|Year : 2020 | Volume
| Issue : 1 | Page : 60-62
Fibropromotion: Fibrin-assisted soft-tissue promotion technique for root coverage using advanced platelet-rich fibrin
Sharanya Bose1, Subhapriya Mandal1, B. S. Ravi Prakash1, Abhijit Chakraborty1, Vivek Raghavji Devani2
1 Department of Periodontics, Guru Nanak Institute of Dental Sciences and Research, Kolkata, West Bengal, India
2 Department of Periodontics, Pacific Dental College and Hospital, Udaipur, Rajasthan, India
|Date of Submission||09-Feb-2020|
|Date of Decision||12-Feb-2020|
|Date of Acceptance||19-Feb-2020|
|Date of Web Publication||28-Jul-2020|
Dr. Sharanya Bose
Department of Periodontics, Guru Nanak Institute of Dental Sciences and Research, Kolkata, West Bengal
Source of Support: None, Conflict of Interest: None
The periodontal plastic procedure aims to correct the soft-tissue deformities of the inadequate keratinized tissue or loss of attachment. The clinicians and researchers have tried various materials and techniques to maintain soft-tissue barrier. The literature supports the use of subepithelial connective tissue with satisfactory results. However, problems such as increased morbidity, safety concern, harvest quality, and insufficient procurement have impelled for better material. The third-generation autologous blood derivative: advanced platelet-rich fibrin (A-PRF) is an excellent alternative and fibropromotive material. The current case report discusses easy and reproducible fibrin-assisted soft-tissue promotion technique using A-PRF for root coverage of multiple defect.
Keywords: Advanced platelet-rich fibrin, fibrin-assisted soft-tissue promotion, fibropromotion, root coverage
|How to cite this article:|
Bose S, Mandal S, Prakash BS, Chakraborty A, Devani VR. Fibropromotion: Fibrin-assisted soft-tissue promotion technique for root coverage using advanced platelet-rich fibrin. Saint Int Dent J 2020;4:60-2
|How to cite this URL:|
Bose S, Mandal S, Prakash BS, Chakraborty A, Devani VR. Fibropromotion: Fibrin-assisted soft-tissue promotion technique for root coverage using advanced platelet-rich fibrin. Saint Int Dent J [serial online] 2020 [cited 2020 Oct 26];4:60-2. Available from: https://www.sidj.org/text.asp?2020/4/1/60/291032
Apical migration of the gingival margin is termed as gingival recession. It is the common clinical finding whose extent and prevalence increase with age. Etiology of which includes many factors such as trauma, periodontal disease, and genetics. Treating these deformities is important to avoid development of signs and symptoms such as dentinal hypersensitivity, progression of periodontal breakdown, root caries, or even esthetic concerns. Cases with multiple recession among adjacent teeth are difficult to treat and are less predictable because of greater amount of avascular root surface that is exposed with reduced blood supply to the surgical site. The primary goal of periodontal plastic procedures is to re-establish thicker keratinized and attached gingiva while restoring form, function, and esthetics.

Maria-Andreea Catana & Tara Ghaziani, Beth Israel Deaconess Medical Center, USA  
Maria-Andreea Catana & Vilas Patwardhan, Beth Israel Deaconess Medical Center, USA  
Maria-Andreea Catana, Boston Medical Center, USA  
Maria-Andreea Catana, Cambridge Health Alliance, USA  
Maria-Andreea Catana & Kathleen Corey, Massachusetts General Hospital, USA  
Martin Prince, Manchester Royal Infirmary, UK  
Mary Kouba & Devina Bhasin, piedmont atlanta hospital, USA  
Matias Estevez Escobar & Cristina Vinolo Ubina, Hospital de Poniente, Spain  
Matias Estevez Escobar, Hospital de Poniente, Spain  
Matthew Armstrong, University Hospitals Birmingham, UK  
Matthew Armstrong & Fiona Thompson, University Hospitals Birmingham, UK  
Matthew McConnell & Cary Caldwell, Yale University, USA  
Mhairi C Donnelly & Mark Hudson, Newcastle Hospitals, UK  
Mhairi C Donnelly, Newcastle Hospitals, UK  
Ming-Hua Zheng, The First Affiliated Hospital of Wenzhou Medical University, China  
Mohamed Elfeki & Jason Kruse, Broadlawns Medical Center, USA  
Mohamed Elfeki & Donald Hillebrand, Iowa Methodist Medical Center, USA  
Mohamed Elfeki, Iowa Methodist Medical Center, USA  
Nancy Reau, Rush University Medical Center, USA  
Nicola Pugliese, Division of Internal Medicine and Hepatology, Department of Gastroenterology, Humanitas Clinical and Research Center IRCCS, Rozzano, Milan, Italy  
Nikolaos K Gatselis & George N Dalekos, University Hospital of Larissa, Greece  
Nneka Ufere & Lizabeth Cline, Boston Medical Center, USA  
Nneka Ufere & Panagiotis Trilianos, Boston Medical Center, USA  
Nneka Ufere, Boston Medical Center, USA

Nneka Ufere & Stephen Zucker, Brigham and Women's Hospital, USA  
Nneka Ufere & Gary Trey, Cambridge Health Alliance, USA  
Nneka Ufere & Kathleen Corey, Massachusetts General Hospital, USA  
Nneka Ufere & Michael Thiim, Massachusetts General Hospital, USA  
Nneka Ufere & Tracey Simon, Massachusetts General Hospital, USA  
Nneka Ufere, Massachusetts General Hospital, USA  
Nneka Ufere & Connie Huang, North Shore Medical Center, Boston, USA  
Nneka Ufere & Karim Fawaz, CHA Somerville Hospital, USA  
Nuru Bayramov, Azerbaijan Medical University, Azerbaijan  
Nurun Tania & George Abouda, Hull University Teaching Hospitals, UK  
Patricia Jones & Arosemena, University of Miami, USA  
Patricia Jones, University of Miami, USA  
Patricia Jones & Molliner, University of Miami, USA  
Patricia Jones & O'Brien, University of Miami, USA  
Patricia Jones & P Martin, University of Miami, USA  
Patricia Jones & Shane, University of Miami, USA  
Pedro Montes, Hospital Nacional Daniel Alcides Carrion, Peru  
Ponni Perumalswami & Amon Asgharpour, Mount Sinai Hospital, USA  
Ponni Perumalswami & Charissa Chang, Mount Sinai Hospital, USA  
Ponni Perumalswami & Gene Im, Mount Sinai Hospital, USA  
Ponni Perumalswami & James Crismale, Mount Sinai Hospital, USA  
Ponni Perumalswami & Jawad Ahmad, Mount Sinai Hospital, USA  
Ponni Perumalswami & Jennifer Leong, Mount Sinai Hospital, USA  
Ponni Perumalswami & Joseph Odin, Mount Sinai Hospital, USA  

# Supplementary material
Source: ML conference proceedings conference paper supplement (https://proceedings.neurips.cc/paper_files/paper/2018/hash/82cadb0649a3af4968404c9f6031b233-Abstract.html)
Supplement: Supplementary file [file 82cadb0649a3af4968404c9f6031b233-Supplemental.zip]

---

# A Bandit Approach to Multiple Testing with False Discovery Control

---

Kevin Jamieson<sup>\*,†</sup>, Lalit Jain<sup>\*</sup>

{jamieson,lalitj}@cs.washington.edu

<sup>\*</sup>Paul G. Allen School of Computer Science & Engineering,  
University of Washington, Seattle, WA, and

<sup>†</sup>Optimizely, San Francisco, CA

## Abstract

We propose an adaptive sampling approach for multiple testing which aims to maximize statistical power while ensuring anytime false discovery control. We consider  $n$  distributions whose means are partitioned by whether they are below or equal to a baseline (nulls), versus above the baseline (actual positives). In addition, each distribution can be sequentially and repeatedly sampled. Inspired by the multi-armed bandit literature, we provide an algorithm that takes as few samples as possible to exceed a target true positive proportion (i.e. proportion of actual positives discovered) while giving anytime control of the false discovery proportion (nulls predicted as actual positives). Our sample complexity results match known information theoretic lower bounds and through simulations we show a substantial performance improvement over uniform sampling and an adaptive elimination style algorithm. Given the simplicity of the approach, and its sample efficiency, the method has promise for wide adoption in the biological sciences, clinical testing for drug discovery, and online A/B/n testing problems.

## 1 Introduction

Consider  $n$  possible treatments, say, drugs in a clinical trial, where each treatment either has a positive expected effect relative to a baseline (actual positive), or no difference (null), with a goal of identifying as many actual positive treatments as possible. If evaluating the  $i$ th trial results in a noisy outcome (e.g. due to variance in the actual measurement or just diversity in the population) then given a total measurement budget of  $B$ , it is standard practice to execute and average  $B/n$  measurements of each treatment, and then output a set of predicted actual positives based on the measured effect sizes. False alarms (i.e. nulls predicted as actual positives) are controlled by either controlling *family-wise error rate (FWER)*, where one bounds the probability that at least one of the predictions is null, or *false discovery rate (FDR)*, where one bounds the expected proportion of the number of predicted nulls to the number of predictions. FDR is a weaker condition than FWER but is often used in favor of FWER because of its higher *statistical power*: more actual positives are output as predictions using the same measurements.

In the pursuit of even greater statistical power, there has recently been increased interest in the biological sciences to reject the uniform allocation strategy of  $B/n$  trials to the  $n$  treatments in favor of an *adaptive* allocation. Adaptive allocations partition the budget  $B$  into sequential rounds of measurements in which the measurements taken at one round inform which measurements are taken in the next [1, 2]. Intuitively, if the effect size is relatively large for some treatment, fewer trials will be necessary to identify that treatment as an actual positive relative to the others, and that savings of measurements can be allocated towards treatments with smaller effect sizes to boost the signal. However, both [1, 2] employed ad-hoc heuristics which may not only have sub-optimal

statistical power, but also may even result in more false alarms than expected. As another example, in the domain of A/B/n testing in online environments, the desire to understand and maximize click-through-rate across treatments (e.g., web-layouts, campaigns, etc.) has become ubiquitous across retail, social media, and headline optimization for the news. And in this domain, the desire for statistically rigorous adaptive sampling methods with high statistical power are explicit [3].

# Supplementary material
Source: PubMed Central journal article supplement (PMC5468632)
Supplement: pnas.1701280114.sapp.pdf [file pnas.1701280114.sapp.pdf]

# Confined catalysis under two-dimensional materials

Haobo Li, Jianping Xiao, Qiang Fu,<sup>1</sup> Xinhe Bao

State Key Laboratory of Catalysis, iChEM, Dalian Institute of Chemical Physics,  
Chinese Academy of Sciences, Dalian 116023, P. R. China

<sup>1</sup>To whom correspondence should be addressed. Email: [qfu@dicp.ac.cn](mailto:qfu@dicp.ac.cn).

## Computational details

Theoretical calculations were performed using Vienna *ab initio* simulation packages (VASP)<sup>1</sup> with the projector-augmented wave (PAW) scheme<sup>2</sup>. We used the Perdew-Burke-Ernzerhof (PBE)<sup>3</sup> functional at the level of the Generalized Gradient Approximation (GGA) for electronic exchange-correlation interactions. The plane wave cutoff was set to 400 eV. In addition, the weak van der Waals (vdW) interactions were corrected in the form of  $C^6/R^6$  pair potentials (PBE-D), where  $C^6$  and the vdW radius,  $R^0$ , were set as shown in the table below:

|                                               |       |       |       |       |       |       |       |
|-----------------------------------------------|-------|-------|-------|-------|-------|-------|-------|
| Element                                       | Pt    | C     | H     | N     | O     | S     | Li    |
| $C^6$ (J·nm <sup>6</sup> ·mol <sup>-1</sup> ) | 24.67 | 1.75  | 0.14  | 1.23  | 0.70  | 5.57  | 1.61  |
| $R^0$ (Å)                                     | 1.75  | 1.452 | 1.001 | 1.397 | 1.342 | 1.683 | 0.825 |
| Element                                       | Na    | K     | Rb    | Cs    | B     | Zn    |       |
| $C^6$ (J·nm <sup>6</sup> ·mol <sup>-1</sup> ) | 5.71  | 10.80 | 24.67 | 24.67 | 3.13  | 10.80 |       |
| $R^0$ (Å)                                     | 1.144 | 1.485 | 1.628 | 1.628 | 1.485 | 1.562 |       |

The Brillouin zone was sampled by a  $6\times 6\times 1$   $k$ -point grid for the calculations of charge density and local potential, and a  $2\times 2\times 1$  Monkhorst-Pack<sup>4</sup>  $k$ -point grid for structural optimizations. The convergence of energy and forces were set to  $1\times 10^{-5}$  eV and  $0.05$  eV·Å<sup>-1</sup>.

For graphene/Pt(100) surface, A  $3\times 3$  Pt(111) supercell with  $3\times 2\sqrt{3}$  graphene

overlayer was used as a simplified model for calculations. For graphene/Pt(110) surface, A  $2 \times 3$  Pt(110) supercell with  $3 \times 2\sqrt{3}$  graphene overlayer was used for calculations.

The traditional technique to achieve this goal involves either second surgical site (for procurement of soft tissue graft) or another donor origin (allograft/xenograft). These procedures often come with problems such as harvesting site morbidity, disease transmission risk, and high biomaterial cost.
Advanced platelet-rich fibrin (A-PRF), third-generation blood derivative, is a rich carrier of leukocytes, stem cells, and growth factors. Various clinical trials using A-PRF with bone replacement material have provided promising results. It also has been used for root coverage procedure. The current case report discusses the fibropromotion, i.e., fibrin-assisted soft-tissue promotion (FASTP) technique, a conventional alternative for root coverage procedure using A-PRF.
| Case Report|| |
A 48-year-old male patient presented with a chief complaint of sensitivity and receding gums in the upper right front region of the jaw. The clinical findings included Miller Class I gingival recession in 13, 14, and 15 with exposed root sensitivity [Figure 1]a. The prognosis was determined to be good for root coverage procedure for the choice of autologous graft.
|Figure 1: (a) Preoperative clinical picture showing gingival recession in 13, 14, and 15, (b) placement of incision, (c) elevating flap up to the mucogingival junction to facilitate its coronal advancement|